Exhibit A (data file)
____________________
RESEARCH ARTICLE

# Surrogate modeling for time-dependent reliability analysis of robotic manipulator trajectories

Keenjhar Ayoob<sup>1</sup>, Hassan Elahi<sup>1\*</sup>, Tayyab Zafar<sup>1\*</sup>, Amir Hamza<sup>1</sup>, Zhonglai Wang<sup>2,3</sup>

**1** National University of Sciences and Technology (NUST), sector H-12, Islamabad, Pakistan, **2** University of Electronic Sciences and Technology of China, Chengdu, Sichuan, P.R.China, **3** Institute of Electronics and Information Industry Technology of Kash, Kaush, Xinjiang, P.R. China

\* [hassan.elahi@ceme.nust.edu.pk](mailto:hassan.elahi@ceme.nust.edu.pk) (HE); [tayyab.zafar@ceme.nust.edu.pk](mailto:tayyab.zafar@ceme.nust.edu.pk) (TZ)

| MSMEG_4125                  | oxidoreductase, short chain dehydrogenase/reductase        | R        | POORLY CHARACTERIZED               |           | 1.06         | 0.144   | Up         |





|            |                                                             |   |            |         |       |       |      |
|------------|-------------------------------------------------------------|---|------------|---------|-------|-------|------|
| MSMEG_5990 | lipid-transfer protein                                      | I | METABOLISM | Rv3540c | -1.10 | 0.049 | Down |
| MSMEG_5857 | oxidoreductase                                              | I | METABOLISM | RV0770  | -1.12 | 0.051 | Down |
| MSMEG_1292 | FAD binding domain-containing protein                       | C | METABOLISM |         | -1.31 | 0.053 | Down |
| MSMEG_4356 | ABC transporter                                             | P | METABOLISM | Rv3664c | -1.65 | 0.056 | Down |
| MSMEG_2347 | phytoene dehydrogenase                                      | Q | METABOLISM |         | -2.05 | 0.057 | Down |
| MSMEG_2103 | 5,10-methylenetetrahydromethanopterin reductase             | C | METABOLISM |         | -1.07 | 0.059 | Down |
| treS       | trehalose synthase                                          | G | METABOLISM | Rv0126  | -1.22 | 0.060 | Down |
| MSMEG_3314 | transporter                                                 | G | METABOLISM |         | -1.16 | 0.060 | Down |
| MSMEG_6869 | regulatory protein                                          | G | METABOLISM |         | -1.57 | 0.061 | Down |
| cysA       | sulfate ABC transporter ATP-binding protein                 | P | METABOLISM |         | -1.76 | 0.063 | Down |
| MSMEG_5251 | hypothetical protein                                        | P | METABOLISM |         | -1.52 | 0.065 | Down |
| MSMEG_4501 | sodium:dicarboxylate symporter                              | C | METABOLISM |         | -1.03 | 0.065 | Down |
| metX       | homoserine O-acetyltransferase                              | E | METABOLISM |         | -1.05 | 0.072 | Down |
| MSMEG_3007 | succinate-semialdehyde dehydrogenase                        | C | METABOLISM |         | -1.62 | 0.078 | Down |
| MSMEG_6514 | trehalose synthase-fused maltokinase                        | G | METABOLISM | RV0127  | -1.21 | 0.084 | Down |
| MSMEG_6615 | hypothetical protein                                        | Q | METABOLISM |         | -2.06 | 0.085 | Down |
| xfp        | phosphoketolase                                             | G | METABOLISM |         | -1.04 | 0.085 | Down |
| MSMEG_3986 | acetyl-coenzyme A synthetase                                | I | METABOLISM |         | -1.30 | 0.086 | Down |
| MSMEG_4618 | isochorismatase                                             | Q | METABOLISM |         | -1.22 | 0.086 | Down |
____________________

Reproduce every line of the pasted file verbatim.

RESEARCH ARTICLE

# Surrogate modeling for time-dependent reliability analysis of robotic manipulator trajectories

Keenjhar Ayoob<sup>1</sup>, Hassan Elahi<sup>1\*</sup>, Tayyab Zafar<sup>1\*</sup>, Amir Hamza<sup>1</sup>, Zhonglai Wang<sup>2,3</sup>

**1** National University of Sciences and Technology (NUST), sector H-12, Islamabad, Pakistan, **2** University of Electronic Sciences and Technology of China, Chengdu, Sichuan, P.R.China, **3** Institute of Electronics and Information Industry Technology of Kash, Kaush, Xinjiang, P.R. China

\* [hassan.elahi@ceme.nust.edu.pk](mailto:hassan.elahi@ceme.nust.edu.pk) (HE); [tayyab.zafar@ceme.nust.edu.pk](mailto:tayyab.zafar@ceme.nust.edu.pk) (TZ)

| MSMEG_4125                  | oxidoreductase, short chain dehydrogenase/reductase        | R        | POORLY CHARACTERIZED               |           | 1.06         | 0.144   | Up         |





|            |                                                             |   |            |         |       |       |      |
|------------|-------------------------------------------------------------|---|------------|---------|-------|-------|------|
| MSMEG_5990 | lipid-transfer protein                                      | I | METABOLISM | Rv3540c | -1.10 | 0.049 | Down |
| MSMEG_5857 | oxidoreductase                                              | I | METABOLISM | RV0770  | -1.12 | 0.051 | Down |
| MSMEG_1292 | FAD binding domain-containing protein                       | C | METABOLISM |         | -1.31 | 0.053 | Down |
| MSMEG_4356 | ABC transporter                                             | P | METABOLISM | Rv3664c | -1.65 | 0.056 | Down |
| MSMEG_2347 | phytoene dehydrogenase                                      | Q | METABOLISM |         | -2.05 | 0.057 | Down |
| MSMEG_2103 | 5,10-methylenetetrahydromethanopterin reductase             | C | METABOLISM |         | -1.07 | 0.059 | Down |
| treS       | trehalose synthase                                          | G | METABOLISM | Rv0126  | -1.22 | 0.060 | Down |
| MSMEG_3314 | transporter                                                 | G | METABOLISM |         | -1.16 | 0.060 | Down |
| MSMEG_6869 | regulatory protein                                          | G | METABOLISM |         | -1.57 | 0.061 | Down |
| cysA       | sulfate ABC transporter ATP-binding protein                 | P | METABOLISM |         | -1.76 | 0.063 | Down |
| MSMEG_5251 | hypothetical protein                                        | P | METABOLISM |         | -1.52 | 0.065 | Down |
| MSMEG_4501 | sodium:dicarboxylate symporter                              | C | METABOLISM |         | -1.03 | 0.065 | Down |
| metX       | homoserine O-acetyltransferase                              | E | METABOLISM |         | -1.05 | 0.072 | Down |
| MSMEG_3007 | succinate-semialdehyde dehydrogenase                        | C | METABOLISM |         | -1.62 | 0.078 | Down |
| MSMEG_6514 | trehalose synthase-fused maltokinase                        | G | METABOLISM | RV0127  | -1.21 | 0.084 | Down |
| MSMEG_6615 | hypothetical protein                                        | Q | METABOLISM |         | -2.06 | 0.085 | Down |
| xfp        | phosphoketolase                                             | G | METABOLISM |         | -1.04 | 0.085 | Down |
| MSMEG_3986 | acetyl-coenzyme A synthetase                                | I | METABOLISM |         | -1.30 | 0.086 | Down |
| MSMEG_4618 | isochorismatase                                             | Q | METABOLISM |         | -1.22 | 0.086 | Down |